Friday, March 11, 2016

DEATH TO MORTALITY


Blake's Autograph in the Album of William Upcott, (E 698)
     "WILLIAM BLAKE one who is very much delighted with being in
good Company
                                  Born 28 Novr 1757 in London 
                                  & has died several times since
January 16 
  1826
     The above was written & the drawing annexed by the desire of
Mr Leigh how far it is an Autograph is a Question   I do not
think an Artist can write an Autograph especially one who has
Studied in the Florentine & Roman Schools as such an one will
Consider what he is doing but an Autograph as I understand it, is
Writ helter skelter like a hog upon a rope or a Man who walks
without Considering whether he shall run against a Post or a
House or a Horse or a Man & I am apt to believe that what is done
without meaning is very different from that which a Man Does with
his Thought & Mind & ought not to be Calld by the Same Name.
     I consider the Autograph of Mr Cruikshank which very justly
stands first in the Book & that Beautiful Specimen of Writing by
Mr Comfield & my own; as standing [in] the same Predicament they
are in some measure Works of Art & not of Nature or Chance
       Heaven born the Soul a Heavenward Course must hold 
     For what delights the Sense is False & Weak 
     Beyond the Visible World she soars to Seek 
     Ideal Form, The Universal Mold
  Michael Angelo.  Sonnet as Translated by Mr Wordsworth"
 
Death to his physical body came to Blake after a debilitating illness which lasted many months. He never stopped working or hoping his health would improve. We can follow Blake's final months in the letters he wrote to his friends and supporters concerning his health, his work and his spiritual condition. The receipt of money form Linnell was in payment for the commissions from Linnell to illustrate Job and Dante. 

Letters, (E 781) 

Letter 87 
"Mr Linnell, Cirencester Place, Fitzroy Square
[February 1827]
Dear Sir
     I thank you for the Five Pounds recievd to Day am getting
better every Morning but slowly. as I am still feeble &
tottering. tho all the Symptoms of
my complaint seem almost gone as the fine weather is very
beneficial & comfortable to me I go on as I think improving my
Engravings of Dante more & more" 
Letter 91
"[To] George Cumberland Esqre, Culver Street, Bristol
N 3 Fountain Court Strand 12 April 1827
Dear Cumberland
     I have been very near the Gates of Death & have returned
very weak & an Old Man feeble & tottering, but not in Spirit &
Life not in The Real Man The Imagination which Liveth for Ever.
In that I am stronger & stronger as this Foolish Body decays."
Letter 92
"[To] Mr Linnell, 6 Cirencester Place, Fitzroy Square
25 April 1827
Dear Sir
     I am going on better Every day as I think both in hea[l]th &
in Work I thank you for The Ten Pounds which I recievd from you
this Day which shall be put to the best use as also for the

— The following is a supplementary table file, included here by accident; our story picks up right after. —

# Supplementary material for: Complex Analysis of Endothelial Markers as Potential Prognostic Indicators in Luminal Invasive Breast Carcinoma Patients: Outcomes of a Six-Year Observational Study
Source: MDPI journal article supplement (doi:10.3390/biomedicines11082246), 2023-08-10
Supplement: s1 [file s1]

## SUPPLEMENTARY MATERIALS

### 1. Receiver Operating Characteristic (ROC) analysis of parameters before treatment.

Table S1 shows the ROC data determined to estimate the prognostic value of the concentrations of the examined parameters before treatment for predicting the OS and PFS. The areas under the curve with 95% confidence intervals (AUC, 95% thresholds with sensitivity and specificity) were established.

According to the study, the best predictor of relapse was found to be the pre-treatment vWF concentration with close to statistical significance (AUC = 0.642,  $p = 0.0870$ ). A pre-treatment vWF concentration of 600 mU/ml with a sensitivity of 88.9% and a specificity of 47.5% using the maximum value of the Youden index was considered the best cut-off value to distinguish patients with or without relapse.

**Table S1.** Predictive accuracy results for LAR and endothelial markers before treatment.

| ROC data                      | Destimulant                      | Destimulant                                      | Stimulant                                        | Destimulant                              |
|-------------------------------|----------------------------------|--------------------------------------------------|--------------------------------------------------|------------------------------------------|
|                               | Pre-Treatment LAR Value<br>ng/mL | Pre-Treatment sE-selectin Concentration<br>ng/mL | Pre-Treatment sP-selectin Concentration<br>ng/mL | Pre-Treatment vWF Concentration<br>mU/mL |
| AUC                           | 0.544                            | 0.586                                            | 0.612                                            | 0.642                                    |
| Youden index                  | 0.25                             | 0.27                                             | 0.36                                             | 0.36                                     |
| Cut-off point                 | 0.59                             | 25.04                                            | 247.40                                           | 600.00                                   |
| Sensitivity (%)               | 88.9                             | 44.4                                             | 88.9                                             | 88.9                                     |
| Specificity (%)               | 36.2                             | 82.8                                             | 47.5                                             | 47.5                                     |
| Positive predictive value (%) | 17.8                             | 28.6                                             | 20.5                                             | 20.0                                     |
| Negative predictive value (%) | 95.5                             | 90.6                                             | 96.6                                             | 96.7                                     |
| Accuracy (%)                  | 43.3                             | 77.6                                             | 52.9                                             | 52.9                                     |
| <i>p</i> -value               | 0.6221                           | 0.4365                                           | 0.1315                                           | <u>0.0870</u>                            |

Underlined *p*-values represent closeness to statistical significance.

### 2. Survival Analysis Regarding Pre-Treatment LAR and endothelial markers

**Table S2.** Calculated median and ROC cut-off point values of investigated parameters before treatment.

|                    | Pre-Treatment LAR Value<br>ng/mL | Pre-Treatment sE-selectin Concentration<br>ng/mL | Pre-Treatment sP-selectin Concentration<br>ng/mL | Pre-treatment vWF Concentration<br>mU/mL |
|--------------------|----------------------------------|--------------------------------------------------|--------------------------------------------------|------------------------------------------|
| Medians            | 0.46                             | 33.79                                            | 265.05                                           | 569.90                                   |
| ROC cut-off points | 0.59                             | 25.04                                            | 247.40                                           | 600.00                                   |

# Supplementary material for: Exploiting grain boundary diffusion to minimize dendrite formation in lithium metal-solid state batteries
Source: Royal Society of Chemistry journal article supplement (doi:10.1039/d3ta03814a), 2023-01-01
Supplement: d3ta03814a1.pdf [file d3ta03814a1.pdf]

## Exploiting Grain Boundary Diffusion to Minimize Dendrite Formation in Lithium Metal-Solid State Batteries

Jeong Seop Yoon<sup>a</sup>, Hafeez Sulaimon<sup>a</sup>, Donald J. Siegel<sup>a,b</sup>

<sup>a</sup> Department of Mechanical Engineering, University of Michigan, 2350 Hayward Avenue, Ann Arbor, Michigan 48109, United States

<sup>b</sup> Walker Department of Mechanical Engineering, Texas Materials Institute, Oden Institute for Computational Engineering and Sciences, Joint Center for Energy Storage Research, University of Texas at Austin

prospect of Mr Ottleys advantageous acquaintance I go on without
daring to count on Futurity. which I cannot do without Doubt &
Fear that ruins Activity & are the greatest hurt to an Artist
such as I am. as to Ugolino &c I never supposed that I should
sell them my Wife alone is answerable for their having Existed in
any finishd State--I am too much attachd to Dante to think much
of any thing else--I have Proved the Six Plates & reduced the
Fighting Devils ready for the Copper I count myself sufficiently
Paid If I live as I now do & only fear that I may be unlucky
to my friends & especially that I may not be so to you
I am Sincerely yours
WILLIAM BLAKE"
Letter 93
"[To] Mr Linnell, 6 Cirencester Place, Fitzroy Square
3 July 1827
Dear Sir
     I thank you for the Ten Pounds you are so kind as to send me
at this time.  My journey to Hampstead on Sunday brought on a
relapse which is lasted till now.  I find I am not so well as I
thought I must not go on in a youthful Style--however I am upon
the mending hand to day & hope soon to look as I did for I have
been yellow accompanied by all the old Symptoms
I am Dear Sir
Yours Sincerely
WILLIAM BLAKE"

Wikimedia Commons
Illustrations to Robert Blair's The Grave
 Reunion of the Soul & the Body
But his final journey could not the postponed infinitely. He made his ultimate drawing, sang his last song, and expressed his culminating gratitude to Kate. He passed through the gate between the mortal world of Generation to the Eternal world of Resurrection. 

When Blake's friend Flaxman died he commented, "I cannot consider death as anything but removing from one room to another." In a letter to Linnell he stated, "I verily believe it Every Death is an improvement of the State of the Departed."  Blake willingly left the world of shadows or reflections to rejoin the Eternals where every thing "shines by its own Internal light." 

 
Jerusalem, Plate 77, (E 231) 
"Imagination the real & eternal World of which this Vegetable
Universe is but a faint shadow & in which we shall live in our 
Eternal or Imaginative Bodies, 
when these Vegetable Mortal Bodies are no more.
... 
What 
is Immortality but the things relating to the Spirit, which Lives 
Eternally!
 
Second Timothy 
Chapter 4 
[6] For I am now ready to be offered, and the time of my departure is at hand.
[7] I have fought a good fight, I have finished my course, I have kept the faith:
[8] Henceforth there is laid up for me a crown of righteousness, which the Lord, the righteous judge, shall give me at that day: and not to me only, but unto all them also that love his appearing.

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